How can you make yourself invincible at work?

Quick question: How valuable are you at work? Hint: It has little to do with your place on an organizational chart.

The new truth is that grabbing a high rung in an organizational’s hierarchy isn’t necessarily a sign that you’re indispensable.

What clinches your value at work is what’s known as informal power — the ability to influence people and overcome resistance where you lack authority. It means being able to get someone to do your bidding where you have no formal authority.

Today you can’t lead simply by virtue of your title.

While we still may be obsessed with hierarchy and formal power, companies have changed how they operate. Indeed, some companies like Zappos have even eliminated titles.

Where as recently as the 1990s, many large corporations were overweighted with 15 layers, today’s organizations “look more like pancakes than pyramids,” Ross Business School Professor Maxim Sytch told me in a recent interview. Add to that the influx of millennials who don’t kowtow to titles, and you have a new organizational mandate.

In this new structure, which is often a matrix of teams, rather than a vertical hierarchy, formal power doesn’t cut it. To get things done, according to Sytch, you need to manage across teams no matter your rank.

 “If you try to manage by formal power alone, you’re unlikely to be successful,” says Sytch. “People will resist you.”

The most powerful person in a medium-size technology company Sytch studied was the assistant to the CEO — the person everyone turned to for advice. She was more powerful than the executives above her on the organizational chart.

“If you think of leadership as an influence process,” Sytch says, "relying on informal power opens a huge toolkit to get things done outside the constraints of a formal structure.”

Formal power

So if your title isn’t your badge of authority, how do you measure your value within a company?

Sytch recommends doing a power audit — a snapshot of your value to others and how replaceable you are at work.

This can be eye-opening, according to Sytch, who has worked with companies worldwide and studied personal and business networks. The clincher: If you depend more on people to get your work done than they rely on you, you’re in a state of power imbalance.

To do a power audit, write down the names of your top 10 contacts. Assign each a number between 1 and 10 based on how much value you receive from them. Value can include everything from help with work projects to emotional support and advice. Then do the reverse. Assign a number to the value you provide each of these 10 contacts.

You’ll know if you’re in negative territory if:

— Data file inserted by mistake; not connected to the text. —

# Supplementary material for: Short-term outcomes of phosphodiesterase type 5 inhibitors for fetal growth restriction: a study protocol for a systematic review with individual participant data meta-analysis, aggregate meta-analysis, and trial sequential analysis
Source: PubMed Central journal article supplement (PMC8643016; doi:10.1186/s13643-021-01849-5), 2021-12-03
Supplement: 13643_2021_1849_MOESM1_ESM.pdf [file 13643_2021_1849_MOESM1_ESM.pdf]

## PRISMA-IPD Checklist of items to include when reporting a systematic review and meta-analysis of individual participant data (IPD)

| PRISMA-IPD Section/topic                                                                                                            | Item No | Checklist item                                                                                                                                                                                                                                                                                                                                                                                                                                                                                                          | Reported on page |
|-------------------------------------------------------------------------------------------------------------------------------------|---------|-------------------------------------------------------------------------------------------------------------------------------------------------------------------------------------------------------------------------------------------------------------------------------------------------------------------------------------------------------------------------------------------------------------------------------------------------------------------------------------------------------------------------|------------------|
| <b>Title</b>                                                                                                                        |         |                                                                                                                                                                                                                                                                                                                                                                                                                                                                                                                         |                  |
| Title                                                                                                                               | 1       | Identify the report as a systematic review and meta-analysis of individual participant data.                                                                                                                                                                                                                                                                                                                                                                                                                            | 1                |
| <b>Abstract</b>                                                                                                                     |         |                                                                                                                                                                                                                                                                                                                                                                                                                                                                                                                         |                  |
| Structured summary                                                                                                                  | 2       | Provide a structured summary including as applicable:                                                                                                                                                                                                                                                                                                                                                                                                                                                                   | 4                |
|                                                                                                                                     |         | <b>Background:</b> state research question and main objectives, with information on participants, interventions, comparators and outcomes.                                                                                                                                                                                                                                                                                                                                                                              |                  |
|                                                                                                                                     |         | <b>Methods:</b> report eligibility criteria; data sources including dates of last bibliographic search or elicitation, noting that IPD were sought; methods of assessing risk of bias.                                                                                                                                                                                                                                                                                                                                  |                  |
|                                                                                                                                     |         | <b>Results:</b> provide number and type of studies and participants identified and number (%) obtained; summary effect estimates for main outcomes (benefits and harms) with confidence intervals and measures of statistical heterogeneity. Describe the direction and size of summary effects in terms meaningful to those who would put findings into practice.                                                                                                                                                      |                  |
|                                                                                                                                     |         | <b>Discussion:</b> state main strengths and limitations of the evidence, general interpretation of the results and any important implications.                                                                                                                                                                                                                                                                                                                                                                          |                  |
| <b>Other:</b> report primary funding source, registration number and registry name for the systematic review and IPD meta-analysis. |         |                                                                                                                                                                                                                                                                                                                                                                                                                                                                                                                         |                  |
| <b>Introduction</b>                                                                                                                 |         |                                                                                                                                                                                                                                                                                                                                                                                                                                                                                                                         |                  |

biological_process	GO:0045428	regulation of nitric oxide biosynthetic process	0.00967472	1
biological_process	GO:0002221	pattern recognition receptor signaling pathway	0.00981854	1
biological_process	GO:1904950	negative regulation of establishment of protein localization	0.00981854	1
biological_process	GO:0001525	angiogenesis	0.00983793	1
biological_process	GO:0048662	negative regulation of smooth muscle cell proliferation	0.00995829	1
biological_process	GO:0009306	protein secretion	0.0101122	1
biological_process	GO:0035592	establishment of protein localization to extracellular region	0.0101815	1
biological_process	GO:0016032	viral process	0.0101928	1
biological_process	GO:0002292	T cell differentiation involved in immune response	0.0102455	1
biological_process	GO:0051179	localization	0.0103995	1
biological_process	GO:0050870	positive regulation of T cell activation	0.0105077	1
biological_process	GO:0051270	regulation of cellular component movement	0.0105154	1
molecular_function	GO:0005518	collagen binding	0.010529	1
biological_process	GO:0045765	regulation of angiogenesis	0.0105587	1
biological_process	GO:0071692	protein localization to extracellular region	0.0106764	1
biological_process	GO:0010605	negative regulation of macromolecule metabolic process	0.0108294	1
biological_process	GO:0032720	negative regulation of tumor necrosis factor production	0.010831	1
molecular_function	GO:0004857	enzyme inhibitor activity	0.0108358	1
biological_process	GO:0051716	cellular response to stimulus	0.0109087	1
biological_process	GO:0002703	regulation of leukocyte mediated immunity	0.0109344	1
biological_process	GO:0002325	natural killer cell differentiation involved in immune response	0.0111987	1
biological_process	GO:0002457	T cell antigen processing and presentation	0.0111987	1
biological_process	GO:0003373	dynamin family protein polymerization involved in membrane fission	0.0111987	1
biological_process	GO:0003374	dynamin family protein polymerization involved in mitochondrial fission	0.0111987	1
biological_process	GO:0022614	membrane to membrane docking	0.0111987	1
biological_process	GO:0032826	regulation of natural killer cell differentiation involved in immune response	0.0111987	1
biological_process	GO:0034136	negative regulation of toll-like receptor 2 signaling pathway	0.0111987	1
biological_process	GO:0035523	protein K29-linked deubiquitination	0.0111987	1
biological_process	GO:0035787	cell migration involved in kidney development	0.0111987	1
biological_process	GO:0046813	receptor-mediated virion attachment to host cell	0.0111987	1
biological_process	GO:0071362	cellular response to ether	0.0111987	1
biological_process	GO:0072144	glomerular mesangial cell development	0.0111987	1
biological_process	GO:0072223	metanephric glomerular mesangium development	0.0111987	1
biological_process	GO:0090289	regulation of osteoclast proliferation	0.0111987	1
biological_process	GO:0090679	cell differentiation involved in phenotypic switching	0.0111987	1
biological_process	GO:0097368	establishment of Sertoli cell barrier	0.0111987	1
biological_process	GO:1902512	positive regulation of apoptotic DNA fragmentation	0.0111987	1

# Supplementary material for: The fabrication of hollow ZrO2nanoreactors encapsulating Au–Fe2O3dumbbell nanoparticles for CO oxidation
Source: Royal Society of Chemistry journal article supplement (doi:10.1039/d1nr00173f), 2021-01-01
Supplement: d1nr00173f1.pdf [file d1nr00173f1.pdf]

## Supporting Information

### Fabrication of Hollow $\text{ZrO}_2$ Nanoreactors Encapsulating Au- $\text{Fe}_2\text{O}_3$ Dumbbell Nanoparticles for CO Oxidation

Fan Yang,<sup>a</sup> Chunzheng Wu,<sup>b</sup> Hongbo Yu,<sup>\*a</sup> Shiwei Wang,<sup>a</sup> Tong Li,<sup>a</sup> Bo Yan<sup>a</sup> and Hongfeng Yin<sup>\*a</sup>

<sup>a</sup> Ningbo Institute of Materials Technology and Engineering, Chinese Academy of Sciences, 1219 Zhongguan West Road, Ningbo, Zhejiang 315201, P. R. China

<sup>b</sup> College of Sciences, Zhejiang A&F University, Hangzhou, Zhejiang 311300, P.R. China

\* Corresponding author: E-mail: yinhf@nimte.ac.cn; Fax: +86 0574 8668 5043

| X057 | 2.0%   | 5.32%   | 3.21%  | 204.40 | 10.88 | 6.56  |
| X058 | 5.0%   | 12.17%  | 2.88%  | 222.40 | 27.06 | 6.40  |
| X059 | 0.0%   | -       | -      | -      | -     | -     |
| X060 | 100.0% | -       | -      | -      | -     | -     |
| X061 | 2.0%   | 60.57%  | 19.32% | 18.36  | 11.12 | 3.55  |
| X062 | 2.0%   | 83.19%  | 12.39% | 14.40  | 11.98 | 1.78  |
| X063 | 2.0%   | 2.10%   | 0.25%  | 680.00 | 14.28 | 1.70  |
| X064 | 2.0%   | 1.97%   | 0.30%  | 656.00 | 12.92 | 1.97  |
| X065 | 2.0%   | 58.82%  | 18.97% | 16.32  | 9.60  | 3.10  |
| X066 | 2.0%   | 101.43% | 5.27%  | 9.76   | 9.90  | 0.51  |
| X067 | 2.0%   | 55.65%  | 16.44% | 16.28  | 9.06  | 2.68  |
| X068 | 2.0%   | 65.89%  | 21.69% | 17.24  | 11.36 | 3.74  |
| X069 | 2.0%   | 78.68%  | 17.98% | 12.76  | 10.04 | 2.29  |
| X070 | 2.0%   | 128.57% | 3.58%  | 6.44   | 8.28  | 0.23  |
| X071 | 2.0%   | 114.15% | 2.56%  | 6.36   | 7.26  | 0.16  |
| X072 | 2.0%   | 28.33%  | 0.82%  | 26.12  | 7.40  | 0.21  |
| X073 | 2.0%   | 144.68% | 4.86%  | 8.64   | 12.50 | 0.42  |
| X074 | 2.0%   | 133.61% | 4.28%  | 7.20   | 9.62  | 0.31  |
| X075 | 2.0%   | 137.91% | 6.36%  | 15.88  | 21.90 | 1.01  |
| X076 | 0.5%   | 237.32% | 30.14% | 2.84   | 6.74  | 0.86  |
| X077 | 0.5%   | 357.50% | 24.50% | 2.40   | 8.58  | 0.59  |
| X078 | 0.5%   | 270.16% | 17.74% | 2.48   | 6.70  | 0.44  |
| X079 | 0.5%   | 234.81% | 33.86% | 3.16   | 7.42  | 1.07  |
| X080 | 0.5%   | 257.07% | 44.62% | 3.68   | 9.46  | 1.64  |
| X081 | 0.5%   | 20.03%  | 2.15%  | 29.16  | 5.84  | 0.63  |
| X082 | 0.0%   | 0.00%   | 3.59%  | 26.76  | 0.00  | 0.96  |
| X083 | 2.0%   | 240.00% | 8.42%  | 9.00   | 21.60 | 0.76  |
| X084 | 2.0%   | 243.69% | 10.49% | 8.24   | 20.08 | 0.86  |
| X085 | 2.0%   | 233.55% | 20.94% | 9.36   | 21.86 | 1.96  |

• Some contacts provide you with a lot of value but you give less back.
  • Your contacts are clustered in one area. Instead, you’d be much better off if you had contacts in different functional areas and geographies letting you easily reach across teams to solve problems.

So now that you may have discovered that you’re in a power slump, what can you do about it?

Here are four ways Sytch suggests to make yourself more powerful, and consequently more indispensable, in your job:

  1. Offer value to your contacts. We collect a lot of information about our contacts — their likes and dislikes, their work challenges or family situations. The problem is that we never do anything with it. Think of this information as currency to provide value to your contacts, which is absolutely key to being indispensable. If someone is struggling with a technical challenge, volunteer to offer help or a referral. If someone is interested in change management, share an interesting article or other resource on managing change. If someone’s kids are into soccer, think of whether you know a good soccer coach. How can I help should be the guiding principle of forming and maintaining relationships. 
  2. Become an expert. People may be attracted to your unique expertise and seek you out. I once worked with someone who became the go-to person on our team for PowerPoint presentations even though that was outside of his job description. He was so good at it, everyone wanted to use him.
  3. Expand your network outside of normal channels. The idea is to become a bridge between different groups within your company. For example, you might cultivate relationships in outside functions, such as finance, operations, marketing or supply chain management. Or develop contacts in diverse geographies, as well as at different levels. Your value will be enhanced since you will become privy to outside information you can share as well as resources and support.
  4. Take control of how your network evolves. Go outside your comfort zone and join associations, boards and clubs outside of your immediate local circles. Take lateral transfers. Change geographies. All of this will improve your access to people, resources and information. And in the end, elevate your informal power status.

Taking these four steps will go a long way towards increasing your informal power and making you more valuable at work. Who wouldn’t want to do that?

 

Wendy Marx is president of Marx Communications, a boutique B2B PR agency that specializes in turning SMBs into industry icons. Follow her on Twitter @wendymarx

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